tissue) producing deformity or distortion.” Contracture, Merriam-Webster Online Dictionary,
https://www.merriam-webster.com/dictionary/contracture (last visited May 21, 2021).

        7
         In fact, Employer’s own expert, Dr. Naftulin, acknowledged that Claimant had limitations
in the use of her right hand with regard to repetitive activity, fine manipulation, and grasp.

        8
            77 P.S. § 513(1).

        9
            77 P.S. § 513(3).


                                               11
separate and apart from her brain injury as, but for the brain injury, Claimant would
still have the use of her arms.

      A specific loss is either (1) the loss of a body part by amputation, or (2) the
permanent loss of use of an injured body part for all practical intents and purposes.
Pocono Mountain Sch. Dist., 

113 A.3d at 913

. While a specific loss requires more
than just limitations upon an injured worker’s occupational activities, it is not
necessary that the injured body part be 100% useless for the injury to qualify as a
loss for all practical intents and purposes. Jacobi, 

942 A.2d at 267-68

. Our case law
does not specify what evidence is required to prove a loss is permanent for all intents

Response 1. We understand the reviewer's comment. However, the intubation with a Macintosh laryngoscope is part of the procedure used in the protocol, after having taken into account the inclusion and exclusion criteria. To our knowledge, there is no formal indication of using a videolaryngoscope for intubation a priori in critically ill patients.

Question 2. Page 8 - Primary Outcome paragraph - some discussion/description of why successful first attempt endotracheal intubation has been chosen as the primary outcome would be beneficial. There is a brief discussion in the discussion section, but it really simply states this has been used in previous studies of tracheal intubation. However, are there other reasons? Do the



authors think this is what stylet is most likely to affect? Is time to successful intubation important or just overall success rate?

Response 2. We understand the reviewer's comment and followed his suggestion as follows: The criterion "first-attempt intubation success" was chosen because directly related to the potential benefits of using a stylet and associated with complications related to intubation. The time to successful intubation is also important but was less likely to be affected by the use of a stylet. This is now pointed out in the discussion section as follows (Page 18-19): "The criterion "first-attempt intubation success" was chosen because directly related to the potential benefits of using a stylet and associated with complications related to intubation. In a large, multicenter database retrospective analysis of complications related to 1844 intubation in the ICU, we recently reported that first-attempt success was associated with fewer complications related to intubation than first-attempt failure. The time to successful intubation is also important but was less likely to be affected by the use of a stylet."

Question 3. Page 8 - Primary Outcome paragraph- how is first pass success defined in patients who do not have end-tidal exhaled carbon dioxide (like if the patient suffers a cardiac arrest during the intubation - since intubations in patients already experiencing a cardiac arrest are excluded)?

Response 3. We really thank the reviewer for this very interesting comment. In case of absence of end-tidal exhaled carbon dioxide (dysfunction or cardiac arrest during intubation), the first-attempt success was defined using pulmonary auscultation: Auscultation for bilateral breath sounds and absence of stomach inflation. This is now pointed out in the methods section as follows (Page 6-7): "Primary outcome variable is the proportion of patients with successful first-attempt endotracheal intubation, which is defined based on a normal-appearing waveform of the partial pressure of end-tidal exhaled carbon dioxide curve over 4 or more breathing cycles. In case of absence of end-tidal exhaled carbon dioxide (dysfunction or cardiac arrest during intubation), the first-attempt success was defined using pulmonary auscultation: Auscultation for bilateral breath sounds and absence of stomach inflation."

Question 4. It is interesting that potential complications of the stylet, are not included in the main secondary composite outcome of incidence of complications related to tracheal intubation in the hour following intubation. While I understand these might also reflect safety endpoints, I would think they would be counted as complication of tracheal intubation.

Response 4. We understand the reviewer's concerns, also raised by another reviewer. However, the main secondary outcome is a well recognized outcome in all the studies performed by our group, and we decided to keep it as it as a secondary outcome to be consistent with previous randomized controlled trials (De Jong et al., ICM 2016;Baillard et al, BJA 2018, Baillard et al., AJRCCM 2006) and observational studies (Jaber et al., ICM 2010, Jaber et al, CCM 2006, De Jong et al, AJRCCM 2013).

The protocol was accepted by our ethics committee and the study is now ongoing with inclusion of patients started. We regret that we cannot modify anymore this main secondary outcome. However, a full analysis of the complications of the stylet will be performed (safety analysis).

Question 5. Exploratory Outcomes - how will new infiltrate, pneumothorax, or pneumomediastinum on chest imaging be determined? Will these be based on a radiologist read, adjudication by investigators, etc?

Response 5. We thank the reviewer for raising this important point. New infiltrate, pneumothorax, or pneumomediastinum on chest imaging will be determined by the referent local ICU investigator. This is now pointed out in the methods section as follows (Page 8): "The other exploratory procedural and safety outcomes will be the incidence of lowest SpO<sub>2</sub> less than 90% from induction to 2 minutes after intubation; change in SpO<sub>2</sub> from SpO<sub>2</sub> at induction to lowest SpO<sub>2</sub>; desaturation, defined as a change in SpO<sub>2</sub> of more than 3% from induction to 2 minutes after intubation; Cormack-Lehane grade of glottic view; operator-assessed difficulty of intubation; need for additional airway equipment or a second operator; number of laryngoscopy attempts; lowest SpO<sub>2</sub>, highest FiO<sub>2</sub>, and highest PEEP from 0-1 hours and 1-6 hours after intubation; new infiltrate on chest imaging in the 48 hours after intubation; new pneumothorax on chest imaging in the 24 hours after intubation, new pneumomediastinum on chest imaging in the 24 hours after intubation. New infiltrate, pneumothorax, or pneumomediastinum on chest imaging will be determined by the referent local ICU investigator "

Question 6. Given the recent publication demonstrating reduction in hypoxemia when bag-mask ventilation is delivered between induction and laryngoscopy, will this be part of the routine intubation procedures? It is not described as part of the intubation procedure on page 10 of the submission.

and purposes. 

Id. at 269

. Such a determination hinges on the findings of fact in each
case, including those regarding credibility, the degree of the injury, and the degree
to which a claimant may continue to use the body part. Miller v. Workers’ Comp.
Appeal Bd. (Wal-Mart), 

44 A.3d 726

, 734 (Pa. Cmwlth. 2012). Whether a claimant
has lost the use of a body part, and the extent of that loss of use, is a question of fact
for the WCJ. Jacobi, 

942 A.2d at 268

. Whether the loss is for all practical intents
and purposes is an issue of law. 

Id.

      Employer’s argument has some merit, as the WCJ’s finding that Claimant lost
the use of her arms was primarily based on Dr. Mauthe’s opinion that the “purpose
of the shoulder and arm is to place the hand in space[,]” and, without hands, Claimant
had no functional use of her upper extremities. Mauthe Dep., 2/11/19, at 24. Clearly,
the General Assembly distinguished the loss of a hand from the loss of an arm and
chose to assign a greater benefit in the event a claimant lost the latter extremity for
all practical intents and purposes. Therefore, setting aside for the moment the
injuries to Claimant’s hands, we look to the evidence which relates to the function
remaining in Claimant’s arms.


                                           12
      Dr. Mauthe and Dr. Naftulin both testified that Claimant had no active range
of motion, which condition was clearly related to her brain injury. Dr. Naftulin,
whose testimony was only discredited to the extent it conflicted with that of Dr.